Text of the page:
The 2012 US drought wasn't caused by global warming. Rather, it was a freak of nature, according to a new federal science study.
Last year's drought was the worst the nation has seen in more than 70 years. Scientists believe that the lack of moisture usually pushed up from the Gulf of Mexico was the main reason for the Midwest drought.
The report was released on Thursday and was compiled by dozens of scientists from five different federal agencies. The scientists looked into why weather reports showed no signs of the impending drought.
Lead author Martin Hoerling, a research meteorologist at the National Oceanic and Atmospheric Administration, explained, "This is one of those events that comes along once every couple hundreds of years. Climate change was not a significant part, if any, of the event."
While the drought spread through two-thirds of the Lower 48 states, researchers focused their study on six states -- Wyoming, Kansas, Nebraska, Colorado, Missouri, and Iowa. For these six states, the drought was the worst seen since records began in 1895.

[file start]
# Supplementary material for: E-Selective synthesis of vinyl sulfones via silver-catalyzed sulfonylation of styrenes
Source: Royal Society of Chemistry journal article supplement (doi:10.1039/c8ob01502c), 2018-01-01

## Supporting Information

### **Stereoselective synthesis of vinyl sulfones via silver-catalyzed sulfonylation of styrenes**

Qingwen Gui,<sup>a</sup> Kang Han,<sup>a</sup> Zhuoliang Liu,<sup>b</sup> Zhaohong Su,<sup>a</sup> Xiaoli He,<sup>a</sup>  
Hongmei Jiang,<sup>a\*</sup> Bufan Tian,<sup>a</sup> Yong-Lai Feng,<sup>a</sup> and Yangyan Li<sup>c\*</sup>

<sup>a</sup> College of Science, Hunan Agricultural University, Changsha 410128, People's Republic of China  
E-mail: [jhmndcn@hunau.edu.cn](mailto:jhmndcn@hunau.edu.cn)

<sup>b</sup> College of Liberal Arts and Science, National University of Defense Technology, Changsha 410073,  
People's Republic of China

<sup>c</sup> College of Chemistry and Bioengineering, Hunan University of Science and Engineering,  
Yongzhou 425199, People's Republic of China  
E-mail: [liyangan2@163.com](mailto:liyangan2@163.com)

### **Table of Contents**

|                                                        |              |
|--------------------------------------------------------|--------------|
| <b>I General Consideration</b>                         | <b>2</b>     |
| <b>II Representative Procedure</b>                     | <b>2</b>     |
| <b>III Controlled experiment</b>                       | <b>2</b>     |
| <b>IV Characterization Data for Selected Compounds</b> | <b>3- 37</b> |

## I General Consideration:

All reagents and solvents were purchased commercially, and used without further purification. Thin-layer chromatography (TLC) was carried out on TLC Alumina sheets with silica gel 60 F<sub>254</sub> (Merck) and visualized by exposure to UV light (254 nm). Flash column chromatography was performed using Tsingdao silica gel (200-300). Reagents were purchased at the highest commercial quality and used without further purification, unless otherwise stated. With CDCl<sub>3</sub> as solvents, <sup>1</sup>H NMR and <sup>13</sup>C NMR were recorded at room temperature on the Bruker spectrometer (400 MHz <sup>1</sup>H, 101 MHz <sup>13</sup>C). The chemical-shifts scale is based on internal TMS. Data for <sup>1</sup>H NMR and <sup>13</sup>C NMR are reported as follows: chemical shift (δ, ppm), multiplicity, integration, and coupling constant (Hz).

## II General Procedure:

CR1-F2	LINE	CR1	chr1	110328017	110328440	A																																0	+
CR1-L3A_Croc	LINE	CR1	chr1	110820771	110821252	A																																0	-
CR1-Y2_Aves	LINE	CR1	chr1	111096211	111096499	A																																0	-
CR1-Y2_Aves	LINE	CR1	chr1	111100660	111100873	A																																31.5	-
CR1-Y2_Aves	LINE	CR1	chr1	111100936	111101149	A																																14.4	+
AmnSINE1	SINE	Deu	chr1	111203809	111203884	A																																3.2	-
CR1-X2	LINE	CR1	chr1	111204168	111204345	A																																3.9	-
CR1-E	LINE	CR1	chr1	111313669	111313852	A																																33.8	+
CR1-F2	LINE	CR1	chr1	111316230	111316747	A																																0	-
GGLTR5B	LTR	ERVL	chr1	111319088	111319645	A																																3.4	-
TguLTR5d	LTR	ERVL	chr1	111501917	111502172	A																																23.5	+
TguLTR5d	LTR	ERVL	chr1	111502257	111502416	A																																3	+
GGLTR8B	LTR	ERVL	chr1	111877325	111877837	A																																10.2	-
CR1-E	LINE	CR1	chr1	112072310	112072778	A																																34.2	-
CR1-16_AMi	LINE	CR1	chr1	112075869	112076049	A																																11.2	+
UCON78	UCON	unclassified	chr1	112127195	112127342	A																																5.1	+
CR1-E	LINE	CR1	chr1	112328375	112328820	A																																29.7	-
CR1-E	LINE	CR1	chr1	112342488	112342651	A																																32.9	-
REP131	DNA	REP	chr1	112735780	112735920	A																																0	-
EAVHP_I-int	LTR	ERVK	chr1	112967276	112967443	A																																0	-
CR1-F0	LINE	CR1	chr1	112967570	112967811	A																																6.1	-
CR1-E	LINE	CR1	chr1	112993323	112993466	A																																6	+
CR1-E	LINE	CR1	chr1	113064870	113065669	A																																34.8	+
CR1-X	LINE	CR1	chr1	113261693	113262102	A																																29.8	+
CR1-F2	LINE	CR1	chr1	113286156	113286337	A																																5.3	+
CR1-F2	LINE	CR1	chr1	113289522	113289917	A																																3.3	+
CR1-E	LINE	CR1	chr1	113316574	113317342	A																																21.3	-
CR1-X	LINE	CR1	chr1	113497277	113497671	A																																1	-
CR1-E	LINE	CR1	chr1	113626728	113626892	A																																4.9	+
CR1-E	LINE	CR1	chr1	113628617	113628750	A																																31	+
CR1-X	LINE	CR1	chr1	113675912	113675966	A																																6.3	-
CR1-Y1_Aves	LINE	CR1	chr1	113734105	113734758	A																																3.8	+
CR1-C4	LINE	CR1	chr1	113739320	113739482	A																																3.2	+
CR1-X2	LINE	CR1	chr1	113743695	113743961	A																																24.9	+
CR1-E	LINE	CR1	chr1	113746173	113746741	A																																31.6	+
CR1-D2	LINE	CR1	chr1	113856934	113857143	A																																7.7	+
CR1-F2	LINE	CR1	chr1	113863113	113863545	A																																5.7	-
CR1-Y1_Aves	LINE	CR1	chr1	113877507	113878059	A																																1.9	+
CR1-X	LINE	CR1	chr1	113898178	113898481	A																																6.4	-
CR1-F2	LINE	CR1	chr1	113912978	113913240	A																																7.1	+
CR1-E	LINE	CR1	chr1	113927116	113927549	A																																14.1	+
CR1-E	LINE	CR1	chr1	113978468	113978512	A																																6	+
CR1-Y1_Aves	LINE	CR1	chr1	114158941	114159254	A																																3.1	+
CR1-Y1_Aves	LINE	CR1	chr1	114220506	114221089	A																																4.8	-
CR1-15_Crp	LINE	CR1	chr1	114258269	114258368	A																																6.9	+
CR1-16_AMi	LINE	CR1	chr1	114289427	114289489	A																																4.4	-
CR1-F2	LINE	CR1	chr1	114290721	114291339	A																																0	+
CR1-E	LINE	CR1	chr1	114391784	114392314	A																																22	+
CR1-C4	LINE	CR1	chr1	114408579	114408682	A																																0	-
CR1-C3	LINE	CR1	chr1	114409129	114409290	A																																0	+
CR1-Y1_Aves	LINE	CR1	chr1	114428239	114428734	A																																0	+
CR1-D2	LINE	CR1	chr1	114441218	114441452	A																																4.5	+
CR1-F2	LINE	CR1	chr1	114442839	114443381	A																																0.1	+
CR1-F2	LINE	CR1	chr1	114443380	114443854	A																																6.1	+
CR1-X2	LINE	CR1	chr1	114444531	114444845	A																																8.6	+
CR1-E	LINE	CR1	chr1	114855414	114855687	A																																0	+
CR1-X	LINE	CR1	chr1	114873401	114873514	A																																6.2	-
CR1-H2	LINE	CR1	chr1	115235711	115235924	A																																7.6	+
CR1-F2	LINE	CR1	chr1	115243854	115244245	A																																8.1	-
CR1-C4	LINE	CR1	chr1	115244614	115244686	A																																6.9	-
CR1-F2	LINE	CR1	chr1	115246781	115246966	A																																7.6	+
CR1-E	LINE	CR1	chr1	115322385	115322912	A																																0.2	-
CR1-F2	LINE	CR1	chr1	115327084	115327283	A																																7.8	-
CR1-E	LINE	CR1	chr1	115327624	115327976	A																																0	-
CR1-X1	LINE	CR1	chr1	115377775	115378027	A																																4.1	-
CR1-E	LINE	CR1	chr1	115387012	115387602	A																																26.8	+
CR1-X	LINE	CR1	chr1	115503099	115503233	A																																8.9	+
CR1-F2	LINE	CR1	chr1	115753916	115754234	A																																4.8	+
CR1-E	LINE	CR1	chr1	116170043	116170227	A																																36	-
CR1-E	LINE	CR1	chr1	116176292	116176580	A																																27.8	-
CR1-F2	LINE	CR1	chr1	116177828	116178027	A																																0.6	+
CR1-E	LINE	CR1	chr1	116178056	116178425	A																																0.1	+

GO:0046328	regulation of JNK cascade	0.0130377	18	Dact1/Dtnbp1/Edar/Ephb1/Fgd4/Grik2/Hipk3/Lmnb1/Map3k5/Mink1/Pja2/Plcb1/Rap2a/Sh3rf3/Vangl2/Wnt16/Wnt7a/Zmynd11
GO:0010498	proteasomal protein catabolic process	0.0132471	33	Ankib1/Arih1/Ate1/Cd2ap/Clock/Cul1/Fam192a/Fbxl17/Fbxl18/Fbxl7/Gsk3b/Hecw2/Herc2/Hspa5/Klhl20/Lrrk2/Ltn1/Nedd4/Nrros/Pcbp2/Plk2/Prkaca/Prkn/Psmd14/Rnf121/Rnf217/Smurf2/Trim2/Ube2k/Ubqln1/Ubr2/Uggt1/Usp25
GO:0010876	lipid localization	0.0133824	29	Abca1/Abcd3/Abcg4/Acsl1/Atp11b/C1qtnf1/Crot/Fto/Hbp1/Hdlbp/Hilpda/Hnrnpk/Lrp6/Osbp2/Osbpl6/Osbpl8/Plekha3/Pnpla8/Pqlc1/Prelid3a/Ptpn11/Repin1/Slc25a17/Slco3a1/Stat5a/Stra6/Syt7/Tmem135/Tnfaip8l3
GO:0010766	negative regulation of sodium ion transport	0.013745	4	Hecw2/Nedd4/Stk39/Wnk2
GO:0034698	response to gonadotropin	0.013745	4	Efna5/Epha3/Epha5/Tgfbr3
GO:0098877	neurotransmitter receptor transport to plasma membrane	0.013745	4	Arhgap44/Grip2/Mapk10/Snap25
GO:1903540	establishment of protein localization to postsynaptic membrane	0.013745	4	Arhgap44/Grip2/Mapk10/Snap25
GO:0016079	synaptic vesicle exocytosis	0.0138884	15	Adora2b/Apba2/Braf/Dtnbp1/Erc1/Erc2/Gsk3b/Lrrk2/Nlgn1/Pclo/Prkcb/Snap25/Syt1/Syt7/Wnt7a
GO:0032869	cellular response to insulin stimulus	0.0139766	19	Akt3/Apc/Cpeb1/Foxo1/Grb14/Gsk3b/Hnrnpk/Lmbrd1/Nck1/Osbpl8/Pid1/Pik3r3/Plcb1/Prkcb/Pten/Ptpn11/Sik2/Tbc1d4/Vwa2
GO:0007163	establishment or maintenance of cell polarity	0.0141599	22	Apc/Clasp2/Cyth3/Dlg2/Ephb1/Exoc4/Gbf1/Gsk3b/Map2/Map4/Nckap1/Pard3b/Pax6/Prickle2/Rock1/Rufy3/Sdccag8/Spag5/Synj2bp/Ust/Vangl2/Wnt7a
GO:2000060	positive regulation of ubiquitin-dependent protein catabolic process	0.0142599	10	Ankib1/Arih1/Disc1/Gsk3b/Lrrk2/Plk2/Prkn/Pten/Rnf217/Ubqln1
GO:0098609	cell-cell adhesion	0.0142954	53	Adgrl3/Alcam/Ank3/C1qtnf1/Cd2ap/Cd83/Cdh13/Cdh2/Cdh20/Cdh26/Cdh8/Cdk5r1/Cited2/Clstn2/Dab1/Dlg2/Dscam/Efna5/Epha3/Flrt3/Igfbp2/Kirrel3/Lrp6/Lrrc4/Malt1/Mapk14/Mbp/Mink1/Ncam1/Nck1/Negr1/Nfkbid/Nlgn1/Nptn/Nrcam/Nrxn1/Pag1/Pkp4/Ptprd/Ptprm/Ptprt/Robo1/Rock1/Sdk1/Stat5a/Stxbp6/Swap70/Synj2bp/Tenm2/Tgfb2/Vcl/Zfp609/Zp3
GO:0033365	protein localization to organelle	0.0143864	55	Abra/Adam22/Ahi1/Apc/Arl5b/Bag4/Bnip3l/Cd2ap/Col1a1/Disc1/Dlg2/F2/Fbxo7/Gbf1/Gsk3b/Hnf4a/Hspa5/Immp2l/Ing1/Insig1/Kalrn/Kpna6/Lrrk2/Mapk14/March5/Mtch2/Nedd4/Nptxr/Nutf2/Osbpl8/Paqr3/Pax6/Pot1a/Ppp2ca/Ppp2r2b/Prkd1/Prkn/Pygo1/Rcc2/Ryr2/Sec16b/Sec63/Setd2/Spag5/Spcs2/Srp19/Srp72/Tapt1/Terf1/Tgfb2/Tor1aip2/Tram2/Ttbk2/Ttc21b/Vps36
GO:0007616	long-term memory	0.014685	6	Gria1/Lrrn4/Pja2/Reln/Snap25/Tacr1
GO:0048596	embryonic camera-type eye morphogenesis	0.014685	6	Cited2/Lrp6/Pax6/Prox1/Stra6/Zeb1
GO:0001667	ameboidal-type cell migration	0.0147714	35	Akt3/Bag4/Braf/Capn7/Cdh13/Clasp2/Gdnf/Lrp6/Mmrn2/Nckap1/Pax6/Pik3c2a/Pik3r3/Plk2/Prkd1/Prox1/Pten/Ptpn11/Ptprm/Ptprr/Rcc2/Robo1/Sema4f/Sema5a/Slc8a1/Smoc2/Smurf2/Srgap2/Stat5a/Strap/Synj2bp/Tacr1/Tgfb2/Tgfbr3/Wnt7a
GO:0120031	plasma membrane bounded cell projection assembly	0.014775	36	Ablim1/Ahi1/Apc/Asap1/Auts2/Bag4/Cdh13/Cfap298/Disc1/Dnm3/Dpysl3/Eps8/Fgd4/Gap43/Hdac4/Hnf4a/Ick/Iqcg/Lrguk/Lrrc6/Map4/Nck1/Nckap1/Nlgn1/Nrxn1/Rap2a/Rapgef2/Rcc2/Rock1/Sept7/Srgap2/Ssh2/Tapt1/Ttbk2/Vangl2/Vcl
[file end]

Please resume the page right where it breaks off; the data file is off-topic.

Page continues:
Hoerling added that the jet stream that draw moisture from the Gulf was stuck much farther north in Canada. Using computer simulations, Hoerling attempted to replicate the drought with man-made global warming conditions. When he couldn't, he concluded that the massive 2012 drought was not caused by humans.
Hoerling used similar methods to link increasing droughts in the Mediterranean Sea region to climate change. But not all scientists agreed that the drought wasn't caused by global warming.
Climate analysis chief at the National Center for Atmospheric Research Kevin Trenberth stated that the report didn't include a factor -- a lack of snowfall in the Rockies the previous winter. The lack of snowfall could have affected the overall moisture in the air. Trenberth added that the study didn't look at how global warming affected the high pressure system that moved the jet stream north last summer.
Trenberth concluded, "This was natural variability exacerbated by global warming. That is true of all such events from the Russian heat wave of 2010, to the drought and heat waves in Australia."
Do you think last year's drought in the US was caused by climate change? Or was it a freak of nature that happens once every two hundred years?
[Image via NOAA]